Services – Oceanography Consultancy

icon icebergSea Ice Detection and Monitoring Service in support to oceanographic missions


Drifting icebergs can pose a threat to research vessels and complicate the deployment of oceanographic equipment in the Austral seas. CLS has developed a reliable and accurate ice detection and forecasting service to help ensure the security of these missions and/or recommend best zones for deployment. Based on SAR imagery and using an ocean drift model that combines remote sensing, in-situ and EO data, CLS analysts provide daily bulletins with location of potentially dangerous icebergs (100 m and larger) and forecast their positions for the next three days.

How it worksIceberg

CLS oceanographers perform a preliminary study of the proposed research zone based on altimetry (qualification of ice conditions, detection of icebergs), sea surface temperature data and SAR imagery. This study identifies potentially hazardous areas before the start of the mission, and prepares for reactive SAR programming when your vessel approaches risk areas.

Once the mission begins, CLS acquires satellite radar imagery and runs an ocean drift model that combines remote sensing, in-situ and EO data. CLS analysts then provide daily bulletins with location of potentially dangerous icebergs (100 m and larger) and forecast their positions up to three days ahead during your entire mission.

A 5-step process:

  1. Preliminary phase: CLS experts analyze the destination zone based on altimetry, sea surface temperature (SST) data and also locally on the analysis of medium-resolution optical images as well as SAR (Synthetic Aperture Radar) images.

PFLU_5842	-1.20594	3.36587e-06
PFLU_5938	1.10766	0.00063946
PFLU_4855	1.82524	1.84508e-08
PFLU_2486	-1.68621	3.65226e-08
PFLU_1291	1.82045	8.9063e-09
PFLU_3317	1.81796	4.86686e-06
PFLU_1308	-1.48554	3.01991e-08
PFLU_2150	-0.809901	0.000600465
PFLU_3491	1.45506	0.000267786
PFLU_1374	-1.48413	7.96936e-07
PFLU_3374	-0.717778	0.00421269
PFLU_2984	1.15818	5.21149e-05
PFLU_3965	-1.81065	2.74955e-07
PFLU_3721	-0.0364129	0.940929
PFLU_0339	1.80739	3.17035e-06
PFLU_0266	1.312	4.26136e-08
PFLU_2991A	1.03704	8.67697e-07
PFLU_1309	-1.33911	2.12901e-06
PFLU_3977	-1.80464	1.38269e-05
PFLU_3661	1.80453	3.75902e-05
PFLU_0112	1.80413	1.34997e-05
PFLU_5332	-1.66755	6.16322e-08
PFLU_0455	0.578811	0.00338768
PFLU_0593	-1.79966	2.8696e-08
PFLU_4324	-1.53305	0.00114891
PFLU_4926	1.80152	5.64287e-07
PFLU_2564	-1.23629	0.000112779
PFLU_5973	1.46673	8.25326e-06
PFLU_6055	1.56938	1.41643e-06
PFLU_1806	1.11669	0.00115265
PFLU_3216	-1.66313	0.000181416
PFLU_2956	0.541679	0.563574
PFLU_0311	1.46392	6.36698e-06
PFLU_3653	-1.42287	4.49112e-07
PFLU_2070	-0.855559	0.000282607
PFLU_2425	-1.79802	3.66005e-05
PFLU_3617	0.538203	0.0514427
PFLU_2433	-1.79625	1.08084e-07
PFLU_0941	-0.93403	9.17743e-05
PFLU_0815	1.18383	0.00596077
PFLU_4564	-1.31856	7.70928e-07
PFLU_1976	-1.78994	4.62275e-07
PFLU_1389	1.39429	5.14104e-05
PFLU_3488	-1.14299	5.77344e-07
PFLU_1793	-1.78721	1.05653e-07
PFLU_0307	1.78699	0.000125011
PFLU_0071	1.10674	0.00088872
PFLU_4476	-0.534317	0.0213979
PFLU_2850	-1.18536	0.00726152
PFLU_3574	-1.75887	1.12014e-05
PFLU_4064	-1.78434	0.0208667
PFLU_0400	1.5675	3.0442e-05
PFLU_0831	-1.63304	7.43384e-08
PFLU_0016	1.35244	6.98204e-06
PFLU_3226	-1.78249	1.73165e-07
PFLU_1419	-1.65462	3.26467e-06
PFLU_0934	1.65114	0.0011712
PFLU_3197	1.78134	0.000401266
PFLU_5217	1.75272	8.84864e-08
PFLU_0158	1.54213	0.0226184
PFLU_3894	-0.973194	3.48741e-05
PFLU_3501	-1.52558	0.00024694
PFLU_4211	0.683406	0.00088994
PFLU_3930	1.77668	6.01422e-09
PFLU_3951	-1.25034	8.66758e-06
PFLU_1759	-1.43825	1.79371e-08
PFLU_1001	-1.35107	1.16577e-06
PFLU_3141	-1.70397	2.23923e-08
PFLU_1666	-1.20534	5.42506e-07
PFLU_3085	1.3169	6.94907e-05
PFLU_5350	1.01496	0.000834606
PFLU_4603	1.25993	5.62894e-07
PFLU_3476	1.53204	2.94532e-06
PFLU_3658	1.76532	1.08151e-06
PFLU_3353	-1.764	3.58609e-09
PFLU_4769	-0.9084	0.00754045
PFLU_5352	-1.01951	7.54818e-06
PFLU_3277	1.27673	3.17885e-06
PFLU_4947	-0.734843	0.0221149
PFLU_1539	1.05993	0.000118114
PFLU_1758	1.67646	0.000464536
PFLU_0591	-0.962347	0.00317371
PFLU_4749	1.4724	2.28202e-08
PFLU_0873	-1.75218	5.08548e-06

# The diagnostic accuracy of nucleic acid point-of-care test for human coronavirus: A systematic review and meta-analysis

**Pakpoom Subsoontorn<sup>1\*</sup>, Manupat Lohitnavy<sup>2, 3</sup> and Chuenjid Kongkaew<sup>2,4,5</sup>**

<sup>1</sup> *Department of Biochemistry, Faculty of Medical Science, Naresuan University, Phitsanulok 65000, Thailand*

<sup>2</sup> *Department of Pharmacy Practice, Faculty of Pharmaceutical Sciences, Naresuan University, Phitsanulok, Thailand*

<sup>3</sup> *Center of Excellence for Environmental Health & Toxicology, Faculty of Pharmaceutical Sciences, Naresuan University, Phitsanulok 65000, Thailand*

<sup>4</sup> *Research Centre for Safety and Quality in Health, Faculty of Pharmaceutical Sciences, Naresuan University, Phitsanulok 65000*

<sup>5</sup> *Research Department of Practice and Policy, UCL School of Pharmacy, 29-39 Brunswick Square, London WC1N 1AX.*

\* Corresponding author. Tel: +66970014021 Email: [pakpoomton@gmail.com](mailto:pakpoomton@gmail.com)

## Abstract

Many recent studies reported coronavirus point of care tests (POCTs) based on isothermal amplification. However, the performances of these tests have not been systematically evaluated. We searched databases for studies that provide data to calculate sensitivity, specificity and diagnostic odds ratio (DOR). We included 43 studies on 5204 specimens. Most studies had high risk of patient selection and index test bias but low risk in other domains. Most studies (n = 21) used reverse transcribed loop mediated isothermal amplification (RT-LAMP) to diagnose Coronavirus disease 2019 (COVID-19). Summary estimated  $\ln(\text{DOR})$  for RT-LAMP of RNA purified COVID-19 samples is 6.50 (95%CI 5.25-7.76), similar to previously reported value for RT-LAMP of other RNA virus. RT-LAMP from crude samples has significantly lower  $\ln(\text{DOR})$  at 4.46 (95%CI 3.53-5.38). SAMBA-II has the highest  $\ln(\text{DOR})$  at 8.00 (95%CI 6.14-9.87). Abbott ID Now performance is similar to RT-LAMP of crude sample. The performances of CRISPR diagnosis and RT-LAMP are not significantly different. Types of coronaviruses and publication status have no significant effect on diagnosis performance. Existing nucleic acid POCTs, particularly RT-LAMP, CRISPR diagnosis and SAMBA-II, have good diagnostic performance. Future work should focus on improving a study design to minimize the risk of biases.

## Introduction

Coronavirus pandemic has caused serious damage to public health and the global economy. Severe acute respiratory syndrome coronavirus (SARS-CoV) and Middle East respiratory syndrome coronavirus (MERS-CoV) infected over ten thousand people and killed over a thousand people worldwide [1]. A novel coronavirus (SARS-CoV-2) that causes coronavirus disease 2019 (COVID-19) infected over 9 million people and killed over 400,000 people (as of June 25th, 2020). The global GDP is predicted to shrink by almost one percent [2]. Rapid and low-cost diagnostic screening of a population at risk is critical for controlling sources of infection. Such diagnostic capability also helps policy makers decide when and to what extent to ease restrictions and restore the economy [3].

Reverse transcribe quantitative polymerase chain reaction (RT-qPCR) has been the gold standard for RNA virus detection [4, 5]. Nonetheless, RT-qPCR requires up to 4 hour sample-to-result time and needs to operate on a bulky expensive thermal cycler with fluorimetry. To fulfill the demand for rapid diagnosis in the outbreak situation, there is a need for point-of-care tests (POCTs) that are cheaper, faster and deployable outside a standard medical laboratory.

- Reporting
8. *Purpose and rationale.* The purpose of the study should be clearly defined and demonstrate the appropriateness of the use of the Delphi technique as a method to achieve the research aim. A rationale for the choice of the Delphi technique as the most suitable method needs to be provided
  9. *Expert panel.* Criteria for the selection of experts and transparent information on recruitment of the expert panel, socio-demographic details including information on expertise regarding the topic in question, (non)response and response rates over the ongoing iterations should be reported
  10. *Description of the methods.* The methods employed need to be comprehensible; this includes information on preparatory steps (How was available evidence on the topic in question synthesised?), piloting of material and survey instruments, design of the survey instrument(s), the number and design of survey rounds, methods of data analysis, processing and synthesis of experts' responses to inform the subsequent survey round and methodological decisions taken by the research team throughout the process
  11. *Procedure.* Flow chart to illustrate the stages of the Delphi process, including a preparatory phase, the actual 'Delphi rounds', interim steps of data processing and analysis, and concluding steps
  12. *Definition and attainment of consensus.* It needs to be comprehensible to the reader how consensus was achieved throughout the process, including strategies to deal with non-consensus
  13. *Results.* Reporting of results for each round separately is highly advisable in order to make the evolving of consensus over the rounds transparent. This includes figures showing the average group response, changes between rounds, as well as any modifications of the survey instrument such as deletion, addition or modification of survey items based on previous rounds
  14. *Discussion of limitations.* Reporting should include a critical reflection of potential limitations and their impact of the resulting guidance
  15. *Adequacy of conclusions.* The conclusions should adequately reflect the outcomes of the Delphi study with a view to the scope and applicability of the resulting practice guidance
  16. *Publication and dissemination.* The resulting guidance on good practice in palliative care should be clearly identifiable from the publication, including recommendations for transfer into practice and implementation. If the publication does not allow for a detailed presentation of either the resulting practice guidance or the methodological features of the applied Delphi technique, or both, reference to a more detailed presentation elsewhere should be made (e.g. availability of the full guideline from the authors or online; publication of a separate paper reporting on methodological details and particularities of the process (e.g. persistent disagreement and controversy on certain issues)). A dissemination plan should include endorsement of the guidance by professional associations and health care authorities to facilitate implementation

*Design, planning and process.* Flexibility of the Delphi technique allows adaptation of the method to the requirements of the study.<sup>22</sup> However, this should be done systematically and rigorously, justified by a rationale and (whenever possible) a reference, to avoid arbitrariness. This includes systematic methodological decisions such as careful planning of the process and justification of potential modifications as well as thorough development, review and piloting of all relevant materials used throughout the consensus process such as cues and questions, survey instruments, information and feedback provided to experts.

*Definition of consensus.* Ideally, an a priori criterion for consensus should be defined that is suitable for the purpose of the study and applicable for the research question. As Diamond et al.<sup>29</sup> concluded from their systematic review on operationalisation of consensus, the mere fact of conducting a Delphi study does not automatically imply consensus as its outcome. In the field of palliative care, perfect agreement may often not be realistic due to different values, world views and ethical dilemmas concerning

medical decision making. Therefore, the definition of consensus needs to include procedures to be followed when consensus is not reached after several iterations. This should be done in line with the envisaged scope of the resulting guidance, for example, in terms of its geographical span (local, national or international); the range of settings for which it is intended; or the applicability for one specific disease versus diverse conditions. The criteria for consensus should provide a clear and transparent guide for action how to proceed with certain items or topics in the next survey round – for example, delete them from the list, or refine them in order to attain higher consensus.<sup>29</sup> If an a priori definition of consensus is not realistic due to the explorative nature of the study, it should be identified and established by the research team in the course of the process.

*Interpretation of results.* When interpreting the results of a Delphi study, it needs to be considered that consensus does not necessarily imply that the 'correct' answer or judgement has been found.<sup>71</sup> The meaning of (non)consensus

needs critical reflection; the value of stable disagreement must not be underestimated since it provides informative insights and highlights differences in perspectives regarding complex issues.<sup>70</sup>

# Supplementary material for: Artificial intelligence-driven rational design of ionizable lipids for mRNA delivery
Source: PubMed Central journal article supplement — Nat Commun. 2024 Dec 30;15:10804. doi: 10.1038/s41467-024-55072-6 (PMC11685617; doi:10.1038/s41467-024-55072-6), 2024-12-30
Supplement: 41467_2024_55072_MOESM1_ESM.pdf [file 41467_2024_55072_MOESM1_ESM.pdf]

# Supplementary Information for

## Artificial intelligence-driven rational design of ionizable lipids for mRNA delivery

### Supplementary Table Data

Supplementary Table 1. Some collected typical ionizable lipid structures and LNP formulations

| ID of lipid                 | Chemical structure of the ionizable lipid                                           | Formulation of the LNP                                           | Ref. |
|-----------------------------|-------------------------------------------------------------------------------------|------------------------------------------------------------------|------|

2. Selection of the radar image to be processed: CLS experts will select the appropriate radar image to be processed covering the navigation area.
  3. Ice detection: Each image will be analyzed by one of our trained analysts, who will cross-check possible detected icebergs with AIS data, temperature and other data to ensure the detection is accurate.
  4. Drift modelling for each detected iceberg: The iceberg position data will be injected into the drift model, along with temperature, wind field, surface current, tidal current, bathymetry and in situ observations from drifting buoys in order to predict the position of the iceberg in the next 3-days.
  5. Daily bulletin: CLS generates a bulletin, including the processed image and additional images with all the ice detections and associated drift simulations. These data can also be correlated with the position of the vessel or fleet.
Images: The breakdown of the A56 tabular iceberg  as seen by Sentinel-1A: Contains Copernicus Sentinel data 2016. Example of tabular iceberg and small-size iceberg with onsite iceberg photo. Ice detection with RadarSat-2: Copyright MDA 2018 – Processed by CLS – Collecte Localisation Satellites.

Main benefits:

The strength of our service is the combined use of metocean data and various space observation techniques (altimetry, optical and SAR imagery) to understand the ice situation before your mission begins and predict its evolution.

icon SARDrawing on SAR expertise

CLS is recognized as a main provider of satellite radar scenes and services and operates the first SAR ground receiving station in France (for civilian missions), called VIGISAT.

SAR imagery observes the ocean surface regardless of day/night and clouds conditions and thus has a unique advantage for scrutinizing the path ahead of research vessels.

icon satelliteCapitalizing on 25 years of expertise in satellite altimetry

CLS has 90 in-house oceanographers and is an expert in satellite oceanography. We have contributed to the major international altimetry missions for over 25 years, developing high resolution oceanography products (currents, sea level anomalies, sea surface temperature) for a community of scientific users. Since 2012, we apply our understanding of sea state, sea ice and icebergs for navigational safety in the southern oceans.

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